6. New solar legislation. CALSEIA will be working with members of the California Legislature to seek their help in enacting new laws that will increase opportunities to expand the use of solar technologies in California. With a looming state budget deficit, bills that impact the state budget will have a hard time. CALSEIA is working on passage of an extension to the state’s property tax exemption for solar improvements. This bill does have budget implications but since it is an extension of current law, CALSEIA is hopeful that the bill will ultimately be approved. The current property tax assessment exemption is authorized until 2008-09 fiscal year. In addition, new legislation will be introduced that will allow CSI participants to sell excess electricity back to the utility. This bill is likely to use the market referent rate as a starting point. CALSEIA also hopes to see new legislation to extend the law enacted in 2007 that allows solar customers to opt in to Time of Use rates, rather than mandate this rate structure. CALSEIA is also seeking to enhance the state’s Solar Rights Act.
7. A ballot initiative that would require utilities to obtain 50% of their electricity through renewable sources by 2025. In California, parties may take a proposed law directly to the voters if they collect enough signatures in support. A new ballot initiative to increase the State’s Renewable Portfolio Standard (RPS) to 50% by 2025 has been proposed and proponents are collecting signatures now. CALSEIA has concerns that the proponents have crafted a bill focusing on utility-scale renewable energy when the state needs both distributed generation and utility-scale renewable energy to meet its energy needs. Further complicating the proposal is a requirement that all RPS projects be “prevailing wage” projects, which is generally a signal that the projects will mandate union labor (rather than competitive bidding). This ballot initiative could collect enough signatures to qualify for the November 2008 election ballot.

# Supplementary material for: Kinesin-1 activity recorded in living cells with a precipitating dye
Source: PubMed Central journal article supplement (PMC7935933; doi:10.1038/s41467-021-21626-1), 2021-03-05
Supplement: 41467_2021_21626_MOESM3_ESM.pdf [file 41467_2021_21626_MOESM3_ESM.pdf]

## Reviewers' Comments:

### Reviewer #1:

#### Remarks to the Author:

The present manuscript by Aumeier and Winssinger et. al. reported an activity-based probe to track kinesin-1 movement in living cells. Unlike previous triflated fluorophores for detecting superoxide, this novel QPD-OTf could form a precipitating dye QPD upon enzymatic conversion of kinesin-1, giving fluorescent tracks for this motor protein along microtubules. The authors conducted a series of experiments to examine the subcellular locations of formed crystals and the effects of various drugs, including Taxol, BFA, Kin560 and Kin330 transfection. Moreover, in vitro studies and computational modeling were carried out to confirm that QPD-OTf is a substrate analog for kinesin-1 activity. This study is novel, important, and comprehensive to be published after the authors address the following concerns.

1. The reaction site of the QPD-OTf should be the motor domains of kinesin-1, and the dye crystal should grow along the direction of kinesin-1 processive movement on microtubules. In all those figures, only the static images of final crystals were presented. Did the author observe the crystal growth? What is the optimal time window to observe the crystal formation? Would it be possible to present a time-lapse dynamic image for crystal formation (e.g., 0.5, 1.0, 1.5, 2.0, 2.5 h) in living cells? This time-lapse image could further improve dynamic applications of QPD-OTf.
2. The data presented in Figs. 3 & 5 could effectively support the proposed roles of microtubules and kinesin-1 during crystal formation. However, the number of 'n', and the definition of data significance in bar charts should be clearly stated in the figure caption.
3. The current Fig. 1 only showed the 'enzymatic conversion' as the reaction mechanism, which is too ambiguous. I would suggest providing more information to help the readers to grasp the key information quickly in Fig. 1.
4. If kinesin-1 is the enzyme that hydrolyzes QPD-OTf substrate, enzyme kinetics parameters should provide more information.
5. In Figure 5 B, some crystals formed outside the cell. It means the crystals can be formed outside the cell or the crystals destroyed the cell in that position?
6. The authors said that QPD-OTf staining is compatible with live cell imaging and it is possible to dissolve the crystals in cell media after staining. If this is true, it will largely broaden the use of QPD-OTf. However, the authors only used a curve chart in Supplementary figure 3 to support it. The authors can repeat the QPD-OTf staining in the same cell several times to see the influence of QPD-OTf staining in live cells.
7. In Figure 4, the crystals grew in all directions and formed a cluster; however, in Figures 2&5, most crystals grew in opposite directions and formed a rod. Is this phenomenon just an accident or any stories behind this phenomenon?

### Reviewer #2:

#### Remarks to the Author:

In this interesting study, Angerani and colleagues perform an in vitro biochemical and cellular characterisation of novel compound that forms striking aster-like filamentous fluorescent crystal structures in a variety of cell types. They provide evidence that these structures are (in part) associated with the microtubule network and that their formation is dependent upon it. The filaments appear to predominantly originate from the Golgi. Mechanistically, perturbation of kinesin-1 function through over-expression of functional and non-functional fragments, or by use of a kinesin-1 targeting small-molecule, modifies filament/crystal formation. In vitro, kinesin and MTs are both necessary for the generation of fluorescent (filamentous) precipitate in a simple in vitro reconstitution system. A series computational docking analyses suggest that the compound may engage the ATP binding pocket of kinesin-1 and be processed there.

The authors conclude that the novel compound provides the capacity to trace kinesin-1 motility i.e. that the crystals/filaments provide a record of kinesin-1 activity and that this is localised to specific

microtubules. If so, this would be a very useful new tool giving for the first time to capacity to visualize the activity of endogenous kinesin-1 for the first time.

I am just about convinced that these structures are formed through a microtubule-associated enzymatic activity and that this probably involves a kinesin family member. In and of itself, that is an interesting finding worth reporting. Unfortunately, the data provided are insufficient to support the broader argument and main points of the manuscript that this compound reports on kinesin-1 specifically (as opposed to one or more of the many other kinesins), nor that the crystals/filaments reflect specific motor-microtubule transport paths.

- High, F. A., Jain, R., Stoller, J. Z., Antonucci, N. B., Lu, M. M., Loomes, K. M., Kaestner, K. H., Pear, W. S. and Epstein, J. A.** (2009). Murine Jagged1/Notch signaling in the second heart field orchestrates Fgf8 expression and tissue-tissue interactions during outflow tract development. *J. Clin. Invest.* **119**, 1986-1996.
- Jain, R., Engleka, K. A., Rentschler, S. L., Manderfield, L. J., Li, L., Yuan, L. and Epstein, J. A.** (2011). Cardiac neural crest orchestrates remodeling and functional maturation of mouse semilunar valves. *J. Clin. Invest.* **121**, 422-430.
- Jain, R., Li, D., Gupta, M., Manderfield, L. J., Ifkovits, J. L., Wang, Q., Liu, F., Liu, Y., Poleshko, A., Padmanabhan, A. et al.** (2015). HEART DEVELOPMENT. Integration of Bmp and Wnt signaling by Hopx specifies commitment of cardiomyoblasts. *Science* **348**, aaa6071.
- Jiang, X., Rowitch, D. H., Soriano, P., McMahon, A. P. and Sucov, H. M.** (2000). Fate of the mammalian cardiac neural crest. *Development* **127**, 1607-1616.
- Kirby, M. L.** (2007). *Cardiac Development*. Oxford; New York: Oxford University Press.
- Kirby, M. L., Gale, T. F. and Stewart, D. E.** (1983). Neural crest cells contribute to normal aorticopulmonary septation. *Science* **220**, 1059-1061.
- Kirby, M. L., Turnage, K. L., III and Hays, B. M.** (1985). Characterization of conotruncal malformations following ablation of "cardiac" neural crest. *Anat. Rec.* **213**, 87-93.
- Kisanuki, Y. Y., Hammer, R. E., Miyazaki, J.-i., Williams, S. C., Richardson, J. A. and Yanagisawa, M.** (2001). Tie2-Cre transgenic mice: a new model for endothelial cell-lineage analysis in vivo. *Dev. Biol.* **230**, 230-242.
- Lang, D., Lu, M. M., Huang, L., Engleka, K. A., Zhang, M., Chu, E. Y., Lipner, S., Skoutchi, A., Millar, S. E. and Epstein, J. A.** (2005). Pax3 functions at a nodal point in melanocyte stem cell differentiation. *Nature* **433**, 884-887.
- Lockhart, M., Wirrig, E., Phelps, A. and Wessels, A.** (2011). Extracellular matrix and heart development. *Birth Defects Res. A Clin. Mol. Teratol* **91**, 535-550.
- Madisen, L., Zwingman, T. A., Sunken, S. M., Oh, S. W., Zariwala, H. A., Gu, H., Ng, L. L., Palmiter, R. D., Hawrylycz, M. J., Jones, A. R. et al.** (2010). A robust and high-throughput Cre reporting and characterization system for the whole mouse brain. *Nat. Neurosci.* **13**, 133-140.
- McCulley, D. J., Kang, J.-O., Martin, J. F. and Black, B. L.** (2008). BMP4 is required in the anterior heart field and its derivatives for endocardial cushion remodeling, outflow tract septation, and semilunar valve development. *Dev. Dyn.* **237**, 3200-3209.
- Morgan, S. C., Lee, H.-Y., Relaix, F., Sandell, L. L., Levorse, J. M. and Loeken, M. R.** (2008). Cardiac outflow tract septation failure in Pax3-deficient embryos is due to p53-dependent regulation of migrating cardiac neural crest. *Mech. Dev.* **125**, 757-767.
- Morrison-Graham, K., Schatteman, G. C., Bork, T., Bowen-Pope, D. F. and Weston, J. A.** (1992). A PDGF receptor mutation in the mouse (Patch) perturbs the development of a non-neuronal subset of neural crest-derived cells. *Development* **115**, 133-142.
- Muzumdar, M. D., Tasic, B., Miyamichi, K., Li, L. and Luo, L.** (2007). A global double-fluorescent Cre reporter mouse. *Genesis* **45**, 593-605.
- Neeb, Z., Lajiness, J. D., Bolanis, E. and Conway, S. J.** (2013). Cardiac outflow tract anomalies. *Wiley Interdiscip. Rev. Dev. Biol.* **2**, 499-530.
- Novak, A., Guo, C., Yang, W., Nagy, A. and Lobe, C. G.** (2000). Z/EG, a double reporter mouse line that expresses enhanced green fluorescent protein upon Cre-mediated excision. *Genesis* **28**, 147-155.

8. Rate Cases. CALSEIA was an intervener in the Pacific Gas & Electric (PG&E) General Rate Case and the San Diego Gas & Electric (SDG&E) General Rate Case. By engaging in the rate case proceedings, CALSEIA focuses on ensuring that new rates will be “solar friendly” for both residential and commercial customers. PG&E’s new rates take effect this month. The SDG&E rate case should be completed later this year. The next General Rate Case will be Southern California Edison (SCE).
9. Public Utilities. In California there are several investor-owned utilities such as PG&E, SDG&E and SCE; and many publicly-owned utilities such as the Sacramento Municipal Utility District (SMUD) and the Los Angeles Department of Water and Power (LADWP). The investor-owned utilities are governed by the CPUC and the publicly-owned utilities are governed by locally elected boards. The publicly-owned utilities have solar incentive programs that vary throughout the state. Significant programs are underway in Los Angeles and elsewhere to increase the use of solar but there are hurdles because of restrictions on allowing 3rd party ownership and rate schedules that challenge solar paybacks. CALSEIA will try to help encourage new rules at publicly owned utilities to help encourage greater use of solar technologies.
10. Efficiency Requirements for Pool Pumps — requirements that impact solar pool heating. In 2008 the Energy Commission will adopt regulations governing pool pump and pool installation practices to reduce electricity demand from pool users. Some of these changes have implications for solar pool heating, particularly limits on the number of hours the pool pump can operate and the flow rate of the pump. CALSEIA has been actively participating in this issue and helped redraft the proposed regulations in a manner that will not impede the operation of solar pool heating systems.
The solar industry in California is generally optimistic because it has been through the boom-and-bust cycle for nearly 30 years. CALSEIA believes that by giving some attention to the rebate levels to ensure market interest and some further streamlining, the CSI will ultimately prove to be the premier solar program and new programs will provide support and expand the use of the full suite of solar technologies.